Over the course of multiple calls and e-meetings with the team from 54kibo, Nana Quagraine, founder and CEO, explained the intention behind the online platform in relation to the shopper-artist experience that won me over.

“Our goal is to bring products to the market that will connect with our customers, not only because of the time-honored beauty and skillfully crafted aesthetic of each piece, but also because we take our customers on a journey, the artist’s journey. We are all storytellers; our medium is art and design work – to share in the discussion of time-honored stories from Africa and its diaspora seen through the lens of design,” she said.

“We do this through including the designer’s story on each product page and regularly profiling the product designers. We build connections beyond that by asking our designers to curate trips for our customers, providing them insider tips on how to travel in their homelands – much like the ideas you’d get from a close friend.”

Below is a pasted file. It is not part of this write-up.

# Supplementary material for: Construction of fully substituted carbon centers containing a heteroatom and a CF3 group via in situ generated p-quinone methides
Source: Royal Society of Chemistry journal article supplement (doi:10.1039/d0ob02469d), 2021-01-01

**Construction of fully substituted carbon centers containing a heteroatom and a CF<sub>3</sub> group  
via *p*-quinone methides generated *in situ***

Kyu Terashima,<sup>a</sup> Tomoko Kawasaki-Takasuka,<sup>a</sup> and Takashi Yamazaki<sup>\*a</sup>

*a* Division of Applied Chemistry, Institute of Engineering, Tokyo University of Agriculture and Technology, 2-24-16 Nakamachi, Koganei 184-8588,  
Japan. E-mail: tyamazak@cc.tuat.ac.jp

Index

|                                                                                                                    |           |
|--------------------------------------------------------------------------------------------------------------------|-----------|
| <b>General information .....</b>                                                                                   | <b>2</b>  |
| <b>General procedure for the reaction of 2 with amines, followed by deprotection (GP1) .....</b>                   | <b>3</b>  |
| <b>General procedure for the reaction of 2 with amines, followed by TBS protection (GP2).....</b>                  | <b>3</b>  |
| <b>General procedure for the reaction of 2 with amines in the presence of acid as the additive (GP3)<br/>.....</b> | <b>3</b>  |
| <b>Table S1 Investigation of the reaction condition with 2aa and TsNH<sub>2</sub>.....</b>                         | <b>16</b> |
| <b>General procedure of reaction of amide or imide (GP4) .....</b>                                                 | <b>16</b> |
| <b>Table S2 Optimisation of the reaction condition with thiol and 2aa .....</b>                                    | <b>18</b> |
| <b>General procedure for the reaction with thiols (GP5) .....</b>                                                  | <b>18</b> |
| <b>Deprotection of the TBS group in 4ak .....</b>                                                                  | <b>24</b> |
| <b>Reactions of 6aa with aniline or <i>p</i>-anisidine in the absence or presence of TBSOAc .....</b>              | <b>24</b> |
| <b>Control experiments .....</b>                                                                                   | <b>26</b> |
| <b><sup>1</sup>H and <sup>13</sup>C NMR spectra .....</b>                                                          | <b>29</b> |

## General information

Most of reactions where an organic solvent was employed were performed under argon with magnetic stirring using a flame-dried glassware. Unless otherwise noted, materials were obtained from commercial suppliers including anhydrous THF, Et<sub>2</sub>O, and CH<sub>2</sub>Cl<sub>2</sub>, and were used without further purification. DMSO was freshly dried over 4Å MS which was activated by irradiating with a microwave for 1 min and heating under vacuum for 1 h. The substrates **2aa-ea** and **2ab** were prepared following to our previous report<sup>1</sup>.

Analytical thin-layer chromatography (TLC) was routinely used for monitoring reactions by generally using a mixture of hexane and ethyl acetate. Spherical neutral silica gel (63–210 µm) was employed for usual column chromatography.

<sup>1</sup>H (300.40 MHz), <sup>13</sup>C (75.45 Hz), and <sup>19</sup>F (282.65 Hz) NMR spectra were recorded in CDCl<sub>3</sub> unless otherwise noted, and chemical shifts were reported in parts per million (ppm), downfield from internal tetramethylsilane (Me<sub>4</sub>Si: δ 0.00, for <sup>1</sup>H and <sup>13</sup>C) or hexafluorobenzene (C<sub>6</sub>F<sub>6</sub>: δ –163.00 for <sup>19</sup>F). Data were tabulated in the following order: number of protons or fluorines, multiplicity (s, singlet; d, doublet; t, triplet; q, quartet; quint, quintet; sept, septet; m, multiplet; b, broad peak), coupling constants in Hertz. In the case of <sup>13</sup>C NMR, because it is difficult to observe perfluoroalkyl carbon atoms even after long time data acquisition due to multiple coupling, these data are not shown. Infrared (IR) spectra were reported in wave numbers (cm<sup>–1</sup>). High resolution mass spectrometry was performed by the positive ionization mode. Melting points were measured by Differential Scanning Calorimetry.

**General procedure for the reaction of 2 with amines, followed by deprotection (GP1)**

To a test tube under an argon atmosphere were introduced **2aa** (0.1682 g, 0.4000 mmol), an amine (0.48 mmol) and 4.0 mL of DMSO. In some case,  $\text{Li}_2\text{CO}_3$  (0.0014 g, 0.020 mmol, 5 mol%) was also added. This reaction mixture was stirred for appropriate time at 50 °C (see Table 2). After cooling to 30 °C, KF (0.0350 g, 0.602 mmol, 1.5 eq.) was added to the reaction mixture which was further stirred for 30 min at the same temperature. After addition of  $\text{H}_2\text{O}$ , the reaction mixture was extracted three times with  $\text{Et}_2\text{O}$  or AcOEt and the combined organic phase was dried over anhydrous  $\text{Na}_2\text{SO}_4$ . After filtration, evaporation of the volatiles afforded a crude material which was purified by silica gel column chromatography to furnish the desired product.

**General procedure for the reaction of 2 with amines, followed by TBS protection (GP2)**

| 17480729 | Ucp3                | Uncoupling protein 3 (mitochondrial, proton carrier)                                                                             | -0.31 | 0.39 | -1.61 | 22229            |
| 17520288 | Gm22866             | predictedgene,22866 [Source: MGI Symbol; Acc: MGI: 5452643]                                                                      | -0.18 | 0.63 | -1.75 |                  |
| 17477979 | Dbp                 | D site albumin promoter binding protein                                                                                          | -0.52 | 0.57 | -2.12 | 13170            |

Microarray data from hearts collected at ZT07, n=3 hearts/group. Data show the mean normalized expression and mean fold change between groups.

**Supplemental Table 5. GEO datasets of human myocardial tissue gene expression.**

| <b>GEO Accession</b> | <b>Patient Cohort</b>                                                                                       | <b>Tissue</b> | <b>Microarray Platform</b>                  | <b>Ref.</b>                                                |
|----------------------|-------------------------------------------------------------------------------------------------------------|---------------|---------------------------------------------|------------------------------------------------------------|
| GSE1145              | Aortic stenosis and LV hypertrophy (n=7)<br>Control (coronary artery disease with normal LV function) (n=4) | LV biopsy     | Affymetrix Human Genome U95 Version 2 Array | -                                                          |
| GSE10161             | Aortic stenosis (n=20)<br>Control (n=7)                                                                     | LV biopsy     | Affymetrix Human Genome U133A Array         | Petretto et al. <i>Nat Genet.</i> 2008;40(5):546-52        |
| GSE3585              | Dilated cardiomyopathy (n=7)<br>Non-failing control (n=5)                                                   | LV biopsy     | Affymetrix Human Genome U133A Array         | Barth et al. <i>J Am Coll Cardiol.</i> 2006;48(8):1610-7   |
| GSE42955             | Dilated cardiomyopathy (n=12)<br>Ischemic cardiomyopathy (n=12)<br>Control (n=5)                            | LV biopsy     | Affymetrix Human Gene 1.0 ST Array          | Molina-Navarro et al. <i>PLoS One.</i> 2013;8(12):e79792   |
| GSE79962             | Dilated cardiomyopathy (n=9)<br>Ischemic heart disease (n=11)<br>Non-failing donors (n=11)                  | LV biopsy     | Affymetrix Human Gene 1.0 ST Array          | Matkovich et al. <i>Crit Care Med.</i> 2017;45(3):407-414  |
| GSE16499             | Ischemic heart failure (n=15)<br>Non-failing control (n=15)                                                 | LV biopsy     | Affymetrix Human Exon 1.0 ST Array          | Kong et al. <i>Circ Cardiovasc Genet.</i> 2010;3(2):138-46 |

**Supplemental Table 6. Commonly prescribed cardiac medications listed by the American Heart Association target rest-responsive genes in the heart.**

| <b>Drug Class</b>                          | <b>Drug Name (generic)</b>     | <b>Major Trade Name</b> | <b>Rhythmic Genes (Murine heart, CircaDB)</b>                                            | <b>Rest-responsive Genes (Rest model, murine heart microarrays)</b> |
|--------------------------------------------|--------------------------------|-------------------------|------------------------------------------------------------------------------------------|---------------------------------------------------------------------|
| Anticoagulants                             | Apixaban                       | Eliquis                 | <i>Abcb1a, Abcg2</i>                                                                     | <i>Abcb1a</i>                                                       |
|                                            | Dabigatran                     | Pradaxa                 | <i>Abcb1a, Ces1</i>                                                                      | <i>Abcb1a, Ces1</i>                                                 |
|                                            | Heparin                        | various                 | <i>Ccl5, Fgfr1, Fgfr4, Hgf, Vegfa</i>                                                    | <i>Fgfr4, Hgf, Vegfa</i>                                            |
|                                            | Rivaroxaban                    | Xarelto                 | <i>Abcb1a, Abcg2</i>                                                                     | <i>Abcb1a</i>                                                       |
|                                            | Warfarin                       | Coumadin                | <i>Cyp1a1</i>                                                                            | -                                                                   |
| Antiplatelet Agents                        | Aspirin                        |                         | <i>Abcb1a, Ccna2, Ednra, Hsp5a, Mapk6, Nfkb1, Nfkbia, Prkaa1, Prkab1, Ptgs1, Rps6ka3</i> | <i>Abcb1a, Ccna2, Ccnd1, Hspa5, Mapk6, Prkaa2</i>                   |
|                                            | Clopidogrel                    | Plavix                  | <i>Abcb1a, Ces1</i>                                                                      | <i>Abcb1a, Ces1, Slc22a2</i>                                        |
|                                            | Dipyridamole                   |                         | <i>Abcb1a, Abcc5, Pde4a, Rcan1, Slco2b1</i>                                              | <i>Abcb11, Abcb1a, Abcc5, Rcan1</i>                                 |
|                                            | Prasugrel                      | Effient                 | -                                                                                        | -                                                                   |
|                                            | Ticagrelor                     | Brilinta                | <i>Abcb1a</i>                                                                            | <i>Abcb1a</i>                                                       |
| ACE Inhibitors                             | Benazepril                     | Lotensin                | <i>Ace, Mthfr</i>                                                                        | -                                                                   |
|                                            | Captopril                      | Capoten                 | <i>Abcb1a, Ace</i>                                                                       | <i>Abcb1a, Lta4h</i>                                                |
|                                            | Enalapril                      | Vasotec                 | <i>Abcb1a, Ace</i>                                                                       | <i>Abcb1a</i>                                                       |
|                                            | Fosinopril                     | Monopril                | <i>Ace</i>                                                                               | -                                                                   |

This is reflected in the travel blog section of 54kibo’s online store. For example, there is a travel guide to Jamaica based on recommendations by Baughaus, the designer of the philodendron salad plates, just one of the many products on the site created using time-honored handmade techniques and respectful and sustainable design practices.

“A key moment for 54kibo was a conversation addressing the future of our world and doing our part to consume less, produce less waste and decrease disruptive manufacturing processes,” said Quagraine. “We build relationships with designers who incorporate sustainable practices in their work, and we continue to partner with artists who keep sustainability and the health of our environment top-of-mind as we develop new collections down the road. The Ndebele Necklace Lampshade, for example, uses upcycled wood as the base material. Woven towels by Sabahar use locally sourced and grown cotton and silk.”